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For Immediate Release, May 18, 2011

Contact: Jay Lininger, (928) 853-9929        

State Politician Holds Farce "Science" Panel on Endangered Species Act Protection for
Dunes Sagebrush Lizard

Rep. Pearce, Others Cling to Debunked Theory That Lizard Protection Threatens
New Mexico Oil and Gas Jobs

ALBUQUERQUE, N.M.— The Center for Biological Diversity today blasted a panel assembled Tuesday in Artesia, N.M., by state Rep. Dennis Kintigh (R-Roswell) as a rigged and phony review of proposed Endangered Species Act protection for the dunes sagebrush lizard.

“An opportunistic politician stacked the panel to support his baseless claim that protecting the lizard will cause economic harm,” said Jay Lininger, an ecologist with the Center. “Kintigh already made his views known, and he didn’t bother to hear from scientists who disagree with him. It’s a public-relations stunt, not a science review.” 

In a blog last week, Kintigh stated that protecting the lizard could “endanger the economic life” of New Mexico by reducing state revenues from oil and gas drilling. This conclusion is directly contradicted by a study released by the Center on May 5, showing the lizard had little effect on oil and gas drilling. Of oil and gas leases offered by the U.S. Bureau of Land Management in 2010 and 2011, less than 1 percent were set aside for the lizard. The federal agency manages nearly all the lizard’s habitat in New Mexico.

Kintigh also misinterpreted research findings by the University of New Mexico, claiming that lizard populations increased in response to oil and gas drilling. Such a conclusion is directly contradicted by the very study cited by Kintigh and by U.S. Fish and Wildlife Service studies.

Kintigh’s outlandish claims echo similar ones made by U.S. Rep. Steve Pearce (R-N.M.), including at Tuesday’s panel in Artesia, where Pearce said “most of the oil and gas jobs in southeast New Mexico are at risk” if the fish and wildlife agency decides to give the lizard federal protection. Pearce has accepted nearly $1.2 million from oil and gas interests.

The Center last week challenged Pearce to release information supporting his claim that protecting the lizard will jeopardize thousands of oil and gas jobs. In response, Pearce cited a 2005 report that stated: “Land management decisions that restrict or preclude full mineral development of certain state and federal lands thus affect the flow of revenues into local and state economies.” However, the Center study shows that “full development” is happening now because more oil and gas leases on public lands are already available to the industry than it demands.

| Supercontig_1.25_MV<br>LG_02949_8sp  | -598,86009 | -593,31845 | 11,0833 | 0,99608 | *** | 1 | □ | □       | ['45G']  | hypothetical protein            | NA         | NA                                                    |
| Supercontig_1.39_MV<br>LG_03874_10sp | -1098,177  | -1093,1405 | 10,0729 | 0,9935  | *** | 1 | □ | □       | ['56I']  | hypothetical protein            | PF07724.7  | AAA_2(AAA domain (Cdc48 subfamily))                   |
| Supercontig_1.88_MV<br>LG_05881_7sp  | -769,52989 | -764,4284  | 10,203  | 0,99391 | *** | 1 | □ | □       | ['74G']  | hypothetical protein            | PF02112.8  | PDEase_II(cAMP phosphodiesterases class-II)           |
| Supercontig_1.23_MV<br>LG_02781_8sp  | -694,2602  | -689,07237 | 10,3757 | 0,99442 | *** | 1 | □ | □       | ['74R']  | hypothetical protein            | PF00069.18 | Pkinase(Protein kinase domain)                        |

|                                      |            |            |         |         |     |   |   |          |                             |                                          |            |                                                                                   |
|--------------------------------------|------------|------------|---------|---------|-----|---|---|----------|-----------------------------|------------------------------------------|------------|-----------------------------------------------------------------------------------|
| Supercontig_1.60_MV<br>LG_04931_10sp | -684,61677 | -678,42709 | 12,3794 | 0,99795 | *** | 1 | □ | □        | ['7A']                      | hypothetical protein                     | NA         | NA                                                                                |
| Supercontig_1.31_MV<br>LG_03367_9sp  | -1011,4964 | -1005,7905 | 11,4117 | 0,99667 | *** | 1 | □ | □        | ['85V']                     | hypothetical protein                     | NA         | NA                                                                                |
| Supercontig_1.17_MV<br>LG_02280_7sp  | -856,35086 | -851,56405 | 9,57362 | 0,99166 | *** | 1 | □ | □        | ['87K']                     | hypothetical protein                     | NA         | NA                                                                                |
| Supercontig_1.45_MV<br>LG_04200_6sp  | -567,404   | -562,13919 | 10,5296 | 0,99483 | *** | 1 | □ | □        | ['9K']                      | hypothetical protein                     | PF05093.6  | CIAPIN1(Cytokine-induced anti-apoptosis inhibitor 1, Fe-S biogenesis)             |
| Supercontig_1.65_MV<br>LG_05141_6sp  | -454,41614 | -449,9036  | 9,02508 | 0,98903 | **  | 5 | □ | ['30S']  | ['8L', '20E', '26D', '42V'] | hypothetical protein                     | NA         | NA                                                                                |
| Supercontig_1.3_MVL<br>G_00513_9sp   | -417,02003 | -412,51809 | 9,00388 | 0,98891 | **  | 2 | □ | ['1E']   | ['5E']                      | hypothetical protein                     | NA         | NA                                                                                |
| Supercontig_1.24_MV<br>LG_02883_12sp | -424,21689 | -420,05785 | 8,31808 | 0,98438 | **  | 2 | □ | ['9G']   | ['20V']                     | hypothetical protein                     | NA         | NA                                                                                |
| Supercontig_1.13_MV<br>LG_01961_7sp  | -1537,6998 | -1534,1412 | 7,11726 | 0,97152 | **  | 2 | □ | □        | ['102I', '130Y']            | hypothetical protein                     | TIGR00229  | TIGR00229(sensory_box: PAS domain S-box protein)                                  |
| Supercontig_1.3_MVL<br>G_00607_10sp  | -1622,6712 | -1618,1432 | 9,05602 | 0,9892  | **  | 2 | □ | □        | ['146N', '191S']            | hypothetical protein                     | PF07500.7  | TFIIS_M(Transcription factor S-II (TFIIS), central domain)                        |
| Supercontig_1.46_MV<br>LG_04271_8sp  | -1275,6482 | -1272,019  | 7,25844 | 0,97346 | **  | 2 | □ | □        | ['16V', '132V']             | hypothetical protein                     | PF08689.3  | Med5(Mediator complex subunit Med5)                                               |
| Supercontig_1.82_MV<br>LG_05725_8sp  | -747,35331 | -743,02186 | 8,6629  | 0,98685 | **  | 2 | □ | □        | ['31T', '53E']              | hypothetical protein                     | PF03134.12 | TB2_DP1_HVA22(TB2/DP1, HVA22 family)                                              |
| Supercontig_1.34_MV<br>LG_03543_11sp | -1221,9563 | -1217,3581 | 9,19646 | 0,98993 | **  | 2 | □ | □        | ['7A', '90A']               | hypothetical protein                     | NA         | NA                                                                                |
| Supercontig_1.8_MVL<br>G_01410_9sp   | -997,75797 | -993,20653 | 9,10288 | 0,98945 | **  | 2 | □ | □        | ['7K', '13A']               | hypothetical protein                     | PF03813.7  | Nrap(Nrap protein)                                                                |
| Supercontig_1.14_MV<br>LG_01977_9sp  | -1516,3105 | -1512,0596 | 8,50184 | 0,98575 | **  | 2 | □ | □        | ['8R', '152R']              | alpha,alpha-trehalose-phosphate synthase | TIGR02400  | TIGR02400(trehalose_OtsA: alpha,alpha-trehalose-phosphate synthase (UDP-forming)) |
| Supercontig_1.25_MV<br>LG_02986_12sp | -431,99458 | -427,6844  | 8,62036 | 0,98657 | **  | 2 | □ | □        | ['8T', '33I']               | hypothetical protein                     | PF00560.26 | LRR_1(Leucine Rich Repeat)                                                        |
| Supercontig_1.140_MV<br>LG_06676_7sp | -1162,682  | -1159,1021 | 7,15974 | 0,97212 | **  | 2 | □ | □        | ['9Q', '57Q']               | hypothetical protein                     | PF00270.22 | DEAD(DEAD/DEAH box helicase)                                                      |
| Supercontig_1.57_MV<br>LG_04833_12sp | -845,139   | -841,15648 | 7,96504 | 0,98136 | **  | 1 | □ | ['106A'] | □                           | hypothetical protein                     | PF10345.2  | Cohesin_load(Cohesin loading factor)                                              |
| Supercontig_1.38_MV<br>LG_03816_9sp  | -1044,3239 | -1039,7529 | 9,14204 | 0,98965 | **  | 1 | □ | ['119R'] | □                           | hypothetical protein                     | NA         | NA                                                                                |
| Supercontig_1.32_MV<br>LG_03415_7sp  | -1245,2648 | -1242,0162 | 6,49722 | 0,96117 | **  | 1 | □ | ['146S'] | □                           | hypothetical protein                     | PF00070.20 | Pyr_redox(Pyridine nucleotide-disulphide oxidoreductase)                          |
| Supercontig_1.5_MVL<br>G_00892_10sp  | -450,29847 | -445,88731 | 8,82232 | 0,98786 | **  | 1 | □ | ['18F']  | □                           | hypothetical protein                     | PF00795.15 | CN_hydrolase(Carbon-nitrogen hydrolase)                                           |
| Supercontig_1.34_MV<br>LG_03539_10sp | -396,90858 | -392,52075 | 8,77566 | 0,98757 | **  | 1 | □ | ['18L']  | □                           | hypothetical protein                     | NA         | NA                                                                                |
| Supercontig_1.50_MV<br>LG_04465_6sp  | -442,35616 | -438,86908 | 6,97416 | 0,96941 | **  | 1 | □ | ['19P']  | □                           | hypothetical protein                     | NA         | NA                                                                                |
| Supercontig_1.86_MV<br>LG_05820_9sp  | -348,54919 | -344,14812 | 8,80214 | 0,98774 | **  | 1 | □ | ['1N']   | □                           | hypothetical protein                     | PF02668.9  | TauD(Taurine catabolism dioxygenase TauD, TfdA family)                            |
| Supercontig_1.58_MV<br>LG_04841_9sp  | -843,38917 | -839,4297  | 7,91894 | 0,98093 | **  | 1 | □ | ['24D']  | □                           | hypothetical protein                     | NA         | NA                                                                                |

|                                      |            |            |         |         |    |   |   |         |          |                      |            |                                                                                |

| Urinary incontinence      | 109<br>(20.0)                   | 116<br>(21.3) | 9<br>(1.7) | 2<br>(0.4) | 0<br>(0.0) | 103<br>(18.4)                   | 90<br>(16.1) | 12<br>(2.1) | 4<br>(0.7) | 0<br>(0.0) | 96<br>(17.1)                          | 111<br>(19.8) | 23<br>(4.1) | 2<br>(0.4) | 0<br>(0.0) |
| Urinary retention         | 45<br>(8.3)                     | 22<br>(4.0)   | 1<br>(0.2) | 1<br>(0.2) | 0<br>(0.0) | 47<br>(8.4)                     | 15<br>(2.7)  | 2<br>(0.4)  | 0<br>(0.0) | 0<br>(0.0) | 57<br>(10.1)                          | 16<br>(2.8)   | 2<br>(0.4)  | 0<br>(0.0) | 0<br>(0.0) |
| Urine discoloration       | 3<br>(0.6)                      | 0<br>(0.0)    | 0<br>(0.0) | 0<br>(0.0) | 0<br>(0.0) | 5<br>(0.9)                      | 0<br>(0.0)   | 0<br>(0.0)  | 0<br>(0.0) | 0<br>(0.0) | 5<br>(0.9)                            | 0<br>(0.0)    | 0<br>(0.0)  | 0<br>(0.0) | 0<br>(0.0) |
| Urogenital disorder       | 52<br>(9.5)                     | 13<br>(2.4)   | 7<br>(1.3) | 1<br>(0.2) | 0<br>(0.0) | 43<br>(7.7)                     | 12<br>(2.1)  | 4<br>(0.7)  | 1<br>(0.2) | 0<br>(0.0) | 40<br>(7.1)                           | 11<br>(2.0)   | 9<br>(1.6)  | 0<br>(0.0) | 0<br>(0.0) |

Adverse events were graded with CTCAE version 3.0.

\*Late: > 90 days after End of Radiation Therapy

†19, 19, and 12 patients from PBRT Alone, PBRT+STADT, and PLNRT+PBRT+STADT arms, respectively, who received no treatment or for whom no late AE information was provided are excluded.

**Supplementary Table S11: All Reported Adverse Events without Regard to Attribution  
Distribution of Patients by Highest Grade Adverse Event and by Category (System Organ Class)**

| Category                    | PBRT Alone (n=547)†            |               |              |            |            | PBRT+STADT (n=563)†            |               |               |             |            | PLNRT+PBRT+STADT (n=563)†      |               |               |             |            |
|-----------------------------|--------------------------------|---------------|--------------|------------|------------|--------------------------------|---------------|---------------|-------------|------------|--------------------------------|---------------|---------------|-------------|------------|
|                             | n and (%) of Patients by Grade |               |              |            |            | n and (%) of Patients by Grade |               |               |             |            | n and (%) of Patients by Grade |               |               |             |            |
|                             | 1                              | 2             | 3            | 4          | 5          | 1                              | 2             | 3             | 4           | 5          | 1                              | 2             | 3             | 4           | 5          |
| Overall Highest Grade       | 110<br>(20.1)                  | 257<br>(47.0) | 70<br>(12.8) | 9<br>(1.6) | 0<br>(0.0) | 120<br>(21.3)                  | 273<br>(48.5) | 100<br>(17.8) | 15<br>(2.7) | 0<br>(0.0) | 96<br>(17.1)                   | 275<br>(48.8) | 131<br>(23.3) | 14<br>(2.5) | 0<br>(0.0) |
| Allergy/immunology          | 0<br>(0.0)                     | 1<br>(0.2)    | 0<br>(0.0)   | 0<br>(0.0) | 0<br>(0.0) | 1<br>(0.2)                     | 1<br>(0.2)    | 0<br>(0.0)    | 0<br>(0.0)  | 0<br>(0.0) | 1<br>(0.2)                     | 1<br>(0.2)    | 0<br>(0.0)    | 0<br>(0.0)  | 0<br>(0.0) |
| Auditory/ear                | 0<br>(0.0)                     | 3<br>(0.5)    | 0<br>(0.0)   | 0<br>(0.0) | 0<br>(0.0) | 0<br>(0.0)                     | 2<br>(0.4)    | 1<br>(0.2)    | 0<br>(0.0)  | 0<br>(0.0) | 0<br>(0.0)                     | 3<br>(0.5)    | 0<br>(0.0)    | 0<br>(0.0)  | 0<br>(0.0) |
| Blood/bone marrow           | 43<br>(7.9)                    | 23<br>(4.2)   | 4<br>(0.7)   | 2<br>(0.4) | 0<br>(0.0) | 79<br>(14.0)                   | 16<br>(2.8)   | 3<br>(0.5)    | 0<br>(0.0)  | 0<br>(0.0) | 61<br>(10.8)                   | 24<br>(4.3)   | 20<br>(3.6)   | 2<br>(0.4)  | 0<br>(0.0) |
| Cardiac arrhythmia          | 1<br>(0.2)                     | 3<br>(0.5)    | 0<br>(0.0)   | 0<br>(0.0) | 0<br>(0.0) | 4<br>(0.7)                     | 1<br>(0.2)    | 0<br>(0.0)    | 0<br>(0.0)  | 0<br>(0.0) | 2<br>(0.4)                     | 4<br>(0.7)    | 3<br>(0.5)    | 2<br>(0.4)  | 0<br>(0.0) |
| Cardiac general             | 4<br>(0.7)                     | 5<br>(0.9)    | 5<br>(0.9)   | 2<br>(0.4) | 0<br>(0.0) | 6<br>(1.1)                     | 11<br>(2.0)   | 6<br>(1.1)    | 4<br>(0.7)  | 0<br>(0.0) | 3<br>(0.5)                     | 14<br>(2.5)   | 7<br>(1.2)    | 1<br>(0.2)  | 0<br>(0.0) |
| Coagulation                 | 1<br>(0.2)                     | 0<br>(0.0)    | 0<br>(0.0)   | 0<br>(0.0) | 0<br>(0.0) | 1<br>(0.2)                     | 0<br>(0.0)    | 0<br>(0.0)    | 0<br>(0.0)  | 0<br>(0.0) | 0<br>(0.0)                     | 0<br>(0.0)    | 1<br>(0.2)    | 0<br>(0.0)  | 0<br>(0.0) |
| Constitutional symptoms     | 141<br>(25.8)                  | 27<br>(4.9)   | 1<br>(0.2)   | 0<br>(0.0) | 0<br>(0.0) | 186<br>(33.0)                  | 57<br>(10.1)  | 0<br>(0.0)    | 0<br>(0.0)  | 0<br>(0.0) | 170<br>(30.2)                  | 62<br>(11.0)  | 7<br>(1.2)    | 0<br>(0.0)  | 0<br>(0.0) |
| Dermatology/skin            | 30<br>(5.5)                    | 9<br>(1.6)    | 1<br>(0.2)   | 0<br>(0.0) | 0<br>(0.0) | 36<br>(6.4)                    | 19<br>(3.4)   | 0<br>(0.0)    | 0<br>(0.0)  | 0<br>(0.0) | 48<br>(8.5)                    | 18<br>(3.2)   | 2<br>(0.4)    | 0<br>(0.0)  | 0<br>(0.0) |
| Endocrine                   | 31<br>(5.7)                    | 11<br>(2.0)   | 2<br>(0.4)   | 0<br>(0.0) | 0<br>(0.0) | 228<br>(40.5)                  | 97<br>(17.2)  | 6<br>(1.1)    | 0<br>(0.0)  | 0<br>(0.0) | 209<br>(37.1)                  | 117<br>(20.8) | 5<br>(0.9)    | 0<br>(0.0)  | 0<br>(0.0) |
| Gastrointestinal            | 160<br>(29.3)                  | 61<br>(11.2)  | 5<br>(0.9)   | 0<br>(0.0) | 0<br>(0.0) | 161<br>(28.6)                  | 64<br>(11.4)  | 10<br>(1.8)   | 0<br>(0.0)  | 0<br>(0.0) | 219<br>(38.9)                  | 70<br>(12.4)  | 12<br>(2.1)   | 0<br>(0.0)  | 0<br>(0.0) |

“The oil and gas industry chose not to buy almost 15 percent of the leases offered to it,” Lininger said. “That surplus is entirely outside of lizard habitat.”  

The Fish and Wildlife Service, which manages endangered species, has stated that protection of the dunes sagebrush lizard “would not imperil jobs,” and that “there’s just no data to support” claims of economic harm. Protection for the lizard is unlikely to imperil jobs because the wildlife agency almost never halts development activity. Rather, it sometimes requires modification of activity to ensure that species aren’t driven extinct.

In 2010 and the first half of 2011, the BLM proposed 52,874 acres for oil and gas leasing in southeast New Mexico. Of that, 2,920 acres (5.5 percent) were identified by the BLM as habitat for the lizard. The agency determined that drilling could go forward on all 2,920 acres subject to conditions intended to protect habitat.

For the second half of 2011, the BLM has proposed 22,383 acres for leasing. At most, 3,484 acres may be habitat for the lizard, according to the BLM. The agency will allow drilling on 2,924 acres (84 percent of habitat) and defer leasing on 560 acres — which is less than 1 percent of all lands proposed for drilling — until the Fish and Wildlife Service makes a listing decision on the lizard.

The dunes sagebrush lizard has the second-smallest range of any North American lizard, living only in southeast New Mexico and western Texas on sand dunes covered by shinnery oak. The lizard’s dunes habitat has long been in decline. The Center for Biological Diversity first petitioned for the lizard’s protection in 2002. In December 2010, the Fish and Wildlife Service proposed protecting the lizard under the Endangered Species Act.

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